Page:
No, not really. India’s Patents Act excludes that and those hoping to change that are the same people who say software patents are possible and legal in Europe (or Germany, which is consistently more lenient on the matter). Even Battistelli’s EPO cannot change that, not without the UPC or some other new loophole.

Microsoft Bought a Patents Dud and Engages in Trolling (Through “Microsoft Tech Licensing”)

“Put another way, Microsoft acts like a patent troll (Microsoft Tech Licensing is technically a patent troll).”“At a glance,” IP Watch wrote some days ago, “Microsoft’s portfolio of US patents currently stands at approximately 50,000, compared to LinkedIn’s US patent portfolio of 1,085. Microsoft is well known for asserting its patent rights and has even created a licensing entity Microsoft Tech Licensing Ltd.”

Put another way, Microsoft acts like a patent troll (Microsoft Tech Licensing is technically a patent troll). We wrote over a thousand posts on this subject alone.

Even Microsoft-connected sites have already explained why “Microsoft’s LinkedIn Acquisition Is a Bad Move”. Compare that to other failing companies (LinkedIn had gotten into serious issues before Microsoft placed a bid) that actually have a lot of patents. As IAM put it the other day: “In terms of IP value creation Blackberry is one operating company worth keeping a close eye on. The Canadian tech giant has a huge portfolio of assets – around 38,000 – and has a brand with global cachet; but it is slowly withering in its legacy handset market and is transitioning away from manufacturing devices.”

“Will software patents ever make a comeback in the US? We sure hope not.”We previously wrote explanatory posts on how BlackBerry (or RIM) was becoming a patent troll. Thankfully, many of their patents would no longer be valid or possible to uphold in a court of law. Not in the US and not even in Canada (home country). See the paper “Patents and the Wealth of Nations” by Stephen Haber from Stanford University, published almost 2 months ago.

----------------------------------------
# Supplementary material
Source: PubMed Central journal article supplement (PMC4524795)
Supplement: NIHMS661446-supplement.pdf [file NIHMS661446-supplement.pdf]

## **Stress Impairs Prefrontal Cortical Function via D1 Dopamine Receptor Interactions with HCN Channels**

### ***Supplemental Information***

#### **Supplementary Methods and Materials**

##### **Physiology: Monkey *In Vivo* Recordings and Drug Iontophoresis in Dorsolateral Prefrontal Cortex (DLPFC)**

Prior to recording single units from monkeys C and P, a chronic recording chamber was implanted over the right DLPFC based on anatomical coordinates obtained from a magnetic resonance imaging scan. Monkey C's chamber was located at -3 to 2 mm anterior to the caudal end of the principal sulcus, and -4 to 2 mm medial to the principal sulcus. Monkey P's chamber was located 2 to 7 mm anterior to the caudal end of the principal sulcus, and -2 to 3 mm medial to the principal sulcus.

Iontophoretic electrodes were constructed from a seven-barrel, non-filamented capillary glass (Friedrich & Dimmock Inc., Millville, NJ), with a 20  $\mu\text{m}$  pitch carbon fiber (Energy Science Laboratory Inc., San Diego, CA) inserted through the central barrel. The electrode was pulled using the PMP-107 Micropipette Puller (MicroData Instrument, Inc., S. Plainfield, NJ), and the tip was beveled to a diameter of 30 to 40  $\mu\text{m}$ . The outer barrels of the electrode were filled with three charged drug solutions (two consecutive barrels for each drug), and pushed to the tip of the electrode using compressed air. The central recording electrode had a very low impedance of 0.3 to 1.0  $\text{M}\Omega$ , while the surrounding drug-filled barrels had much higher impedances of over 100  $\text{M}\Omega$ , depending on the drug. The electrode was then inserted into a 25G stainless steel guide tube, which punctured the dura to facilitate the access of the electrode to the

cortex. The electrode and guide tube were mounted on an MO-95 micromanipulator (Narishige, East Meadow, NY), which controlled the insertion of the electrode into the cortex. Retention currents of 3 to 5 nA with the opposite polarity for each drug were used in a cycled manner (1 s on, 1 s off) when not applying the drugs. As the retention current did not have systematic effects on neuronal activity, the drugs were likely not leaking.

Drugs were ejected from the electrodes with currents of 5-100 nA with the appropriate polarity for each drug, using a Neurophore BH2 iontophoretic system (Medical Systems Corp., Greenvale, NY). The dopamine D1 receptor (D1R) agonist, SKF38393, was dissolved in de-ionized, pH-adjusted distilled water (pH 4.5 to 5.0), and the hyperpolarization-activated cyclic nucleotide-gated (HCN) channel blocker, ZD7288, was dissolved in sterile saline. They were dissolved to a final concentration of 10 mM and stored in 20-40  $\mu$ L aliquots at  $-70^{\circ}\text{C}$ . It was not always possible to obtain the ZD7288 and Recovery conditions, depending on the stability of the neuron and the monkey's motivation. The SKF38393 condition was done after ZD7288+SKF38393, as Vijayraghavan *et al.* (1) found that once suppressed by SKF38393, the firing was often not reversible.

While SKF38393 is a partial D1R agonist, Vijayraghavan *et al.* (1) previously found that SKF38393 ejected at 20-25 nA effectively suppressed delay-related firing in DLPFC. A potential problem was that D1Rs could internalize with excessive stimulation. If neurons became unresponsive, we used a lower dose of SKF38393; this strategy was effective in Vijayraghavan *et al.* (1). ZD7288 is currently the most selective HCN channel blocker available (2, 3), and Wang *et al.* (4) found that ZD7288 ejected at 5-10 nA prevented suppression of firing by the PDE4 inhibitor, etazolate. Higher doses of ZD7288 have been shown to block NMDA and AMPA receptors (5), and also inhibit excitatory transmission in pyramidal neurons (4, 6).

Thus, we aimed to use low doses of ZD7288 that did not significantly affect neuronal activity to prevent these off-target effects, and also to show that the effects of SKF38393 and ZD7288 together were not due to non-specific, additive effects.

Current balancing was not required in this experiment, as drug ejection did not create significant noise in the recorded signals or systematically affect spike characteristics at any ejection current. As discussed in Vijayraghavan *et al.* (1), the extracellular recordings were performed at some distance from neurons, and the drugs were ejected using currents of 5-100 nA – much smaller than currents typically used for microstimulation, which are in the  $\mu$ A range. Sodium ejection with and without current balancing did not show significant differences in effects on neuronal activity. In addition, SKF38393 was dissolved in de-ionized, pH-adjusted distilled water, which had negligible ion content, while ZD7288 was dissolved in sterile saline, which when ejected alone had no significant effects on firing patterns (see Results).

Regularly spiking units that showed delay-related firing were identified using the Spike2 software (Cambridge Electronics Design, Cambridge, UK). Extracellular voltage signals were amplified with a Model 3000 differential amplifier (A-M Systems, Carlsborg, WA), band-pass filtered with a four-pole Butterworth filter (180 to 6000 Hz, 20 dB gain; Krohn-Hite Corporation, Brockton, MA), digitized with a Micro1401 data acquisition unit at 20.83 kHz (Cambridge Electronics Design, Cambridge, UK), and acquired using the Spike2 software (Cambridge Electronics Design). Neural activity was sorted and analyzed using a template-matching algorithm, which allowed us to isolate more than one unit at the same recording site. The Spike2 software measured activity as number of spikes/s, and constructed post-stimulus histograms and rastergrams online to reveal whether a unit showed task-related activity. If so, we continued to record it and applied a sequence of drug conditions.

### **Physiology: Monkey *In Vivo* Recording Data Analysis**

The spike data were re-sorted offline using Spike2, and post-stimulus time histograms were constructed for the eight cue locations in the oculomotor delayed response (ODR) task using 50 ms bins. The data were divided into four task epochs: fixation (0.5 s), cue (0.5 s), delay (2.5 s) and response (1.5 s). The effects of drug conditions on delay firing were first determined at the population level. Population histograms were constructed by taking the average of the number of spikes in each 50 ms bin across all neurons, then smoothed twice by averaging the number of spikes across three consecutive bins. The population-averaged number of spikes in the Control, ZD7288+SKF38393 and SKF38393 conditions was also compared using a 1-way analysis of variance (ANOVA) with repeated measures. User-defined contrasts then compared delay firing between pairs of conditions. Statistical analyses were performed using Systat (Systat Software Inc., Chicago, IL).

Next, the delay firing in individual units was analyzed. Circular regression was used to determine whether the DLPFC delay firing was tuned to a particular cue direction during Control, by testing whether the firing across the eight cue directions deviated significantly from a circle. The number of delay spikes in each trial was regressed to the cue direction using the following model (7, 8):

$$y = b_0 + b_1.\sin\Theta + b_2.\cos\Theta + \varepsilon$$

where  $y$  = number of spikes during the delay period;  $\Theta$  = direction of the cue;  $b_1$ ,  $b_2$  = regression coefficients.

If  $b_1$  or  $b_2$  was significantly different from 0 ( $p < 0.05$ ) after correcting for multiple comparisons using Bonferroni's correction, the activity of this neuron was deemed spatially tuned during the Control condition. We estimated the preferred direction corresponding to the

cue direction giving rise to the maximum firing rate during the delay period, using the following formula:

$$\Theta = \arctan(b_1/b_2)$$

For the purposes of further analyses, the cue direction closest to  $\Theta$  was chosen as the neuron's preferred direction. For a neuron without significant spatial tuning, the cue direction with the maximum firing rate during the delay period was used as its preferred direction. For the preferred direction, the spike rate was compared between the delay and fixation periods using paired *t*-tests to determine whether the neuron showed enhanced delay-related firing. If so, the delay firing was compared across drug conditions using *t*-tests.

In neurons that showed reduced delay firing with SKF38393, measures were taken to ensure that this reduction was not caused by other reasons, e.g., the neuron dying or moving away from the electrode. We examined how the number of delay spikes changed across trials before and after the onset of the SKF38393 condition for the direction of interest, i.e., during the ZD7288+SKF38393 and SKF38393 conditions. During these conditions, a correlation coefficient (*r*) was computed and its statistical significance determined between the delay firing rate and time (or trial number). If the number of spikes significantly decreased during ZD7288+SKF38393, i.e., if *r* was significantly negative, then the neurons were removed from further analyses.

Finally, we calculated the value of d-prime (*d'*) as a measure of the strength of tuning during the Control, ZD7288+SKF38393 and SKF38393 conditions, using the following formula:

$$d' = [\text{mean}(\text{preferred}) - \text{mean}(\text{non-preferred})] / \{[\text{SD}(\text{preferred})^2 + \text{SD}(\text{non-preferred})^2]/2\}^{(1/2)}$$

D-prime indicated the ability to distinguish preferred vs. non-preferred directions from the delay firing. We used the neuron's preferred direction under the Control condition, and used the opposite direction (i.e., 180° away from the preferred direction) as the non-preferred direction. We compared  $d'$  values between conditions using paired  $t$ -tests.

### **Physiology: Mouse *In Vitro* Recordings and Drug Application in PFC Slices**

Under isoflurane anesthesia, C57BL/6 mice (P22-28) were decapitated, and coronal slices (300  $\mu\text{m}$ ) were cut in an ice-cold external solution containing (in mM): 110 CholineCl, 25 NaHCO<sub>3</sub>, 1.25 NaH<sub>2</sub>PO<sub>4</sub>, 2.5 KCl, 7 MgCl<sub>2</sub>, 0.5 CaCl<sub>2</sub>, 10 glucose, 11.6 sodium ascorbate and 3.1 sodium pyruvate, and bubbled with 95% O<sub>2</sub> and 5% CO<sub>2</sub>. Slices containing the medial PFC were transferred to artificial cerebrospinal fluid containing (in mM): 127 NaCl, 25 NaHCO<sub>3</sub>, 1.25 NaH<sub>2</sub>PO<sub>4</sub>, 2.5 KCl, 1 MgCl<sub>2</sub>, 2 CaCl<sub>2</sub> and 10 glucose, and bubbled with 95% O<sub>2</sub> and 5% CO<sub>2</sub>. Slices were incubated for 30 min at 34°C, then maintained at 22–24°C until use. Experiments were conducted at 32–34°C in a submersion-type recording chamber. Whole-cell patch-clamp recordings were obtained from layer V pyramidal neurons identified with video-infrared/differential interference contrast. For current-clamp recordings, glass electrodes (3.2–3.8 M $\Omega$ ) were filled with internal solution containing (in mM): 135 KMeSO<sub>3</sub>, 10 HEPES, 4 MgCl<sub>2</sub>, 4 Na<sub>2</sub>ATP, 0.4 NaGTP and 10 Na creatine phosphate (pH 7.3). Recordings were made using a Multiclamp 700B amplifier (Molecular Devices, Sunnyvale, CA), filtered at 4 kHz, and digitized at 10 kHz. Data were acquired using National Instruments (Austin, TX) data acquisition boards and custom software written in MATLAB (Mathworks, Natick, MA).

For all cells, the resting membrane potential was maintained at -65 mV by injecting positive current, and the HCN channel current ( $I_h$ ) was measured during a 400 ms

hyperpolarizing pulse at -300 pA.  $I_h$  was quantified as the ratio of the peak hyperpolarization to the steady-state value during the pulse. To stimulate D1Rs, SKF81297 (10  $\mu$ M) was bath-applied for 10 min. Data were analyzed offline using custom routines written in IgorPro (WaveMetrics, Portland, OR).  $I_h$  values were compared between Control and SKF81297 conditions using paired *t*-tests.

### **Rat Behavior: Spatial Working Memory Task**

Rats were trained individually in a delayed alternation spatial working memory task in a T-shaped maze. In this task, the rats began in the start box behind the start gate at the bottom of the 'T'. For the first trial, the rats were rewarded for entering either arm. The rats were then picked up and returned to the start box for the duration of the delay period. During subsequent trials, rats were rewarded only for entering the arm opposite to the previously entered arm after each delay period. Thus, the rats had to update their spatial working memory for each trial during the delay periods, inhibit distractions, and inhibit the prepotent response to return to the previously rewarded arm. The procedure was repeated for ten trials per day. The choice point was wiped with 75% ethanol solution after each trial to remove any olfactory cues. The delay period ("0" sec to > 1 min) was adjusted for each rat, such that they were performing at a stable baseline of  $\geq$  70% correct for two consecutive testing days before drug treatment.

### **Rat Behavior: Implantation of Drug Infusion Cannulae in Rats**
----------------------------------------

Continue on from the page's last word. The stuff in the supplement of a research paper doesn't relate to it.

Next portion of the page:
The Fight Against Patent Trolls Continues

“There are even uglier aspects inside law firms which focus on/pertain to patents and their clients.”Writing about the pro-patent trolls Halo decision, a comment from someone called Mike at IP Kat says that “influential Senator Orrin Hatch has filed an amendment to a funding bill criticizing the Supreme Court’s decision in Halo. Basically, it states that Congress considered the Seagate test and did not act to change it, thus Congress’ intent is for the Seagate test to govern.”

Destruction of Software Patents Continues

Remember some old news about CAFC ruling against software patents, in this case a “patent infringement claim filed by software company Rosebud.” There have been so many such cases since, including a lot from the court that initially authorised software patents in the US. Will software patents ever make a comeback in the US? We sure hope not.

The Ugly Side of Patent Practice

A few days ago Patently-O wrote about “Sexism in Patent Practice”, taking note of what’s characterised as “stories of appalling sexism. Each had been taken as the assistant for the actual lawyer. Each had been called things like “missy” and the like. And each had experienced this at high levels of practice, in recent years, not at some point long ago.”

“That’s where particular patents (or patent holders) do not just have ethical issues but also criminal/forensic issues.”There are even uglier aspects inside law firms which focus on/pertain to patents and their clients. “Commission finally targets Patent Boxes as tools of fiscal evasion,” Benjamin Henrion wrote, “not sure they cover EU2EU transfers” (reference in europa.eu). Prior to it, Francisco Moreno wrote about this as well, but in Spanish (“Exit taxation en paquete anti-evasión de la Comisión:si sacas patentes fuera de la UE pagarás en función de su valor”), his native language.

This serious subject was covered here before [1, 2, 3, 4, 5, 6]. That’s where particular patents (or patent holders) do not just have ethical issues but also criminal/forensic issues.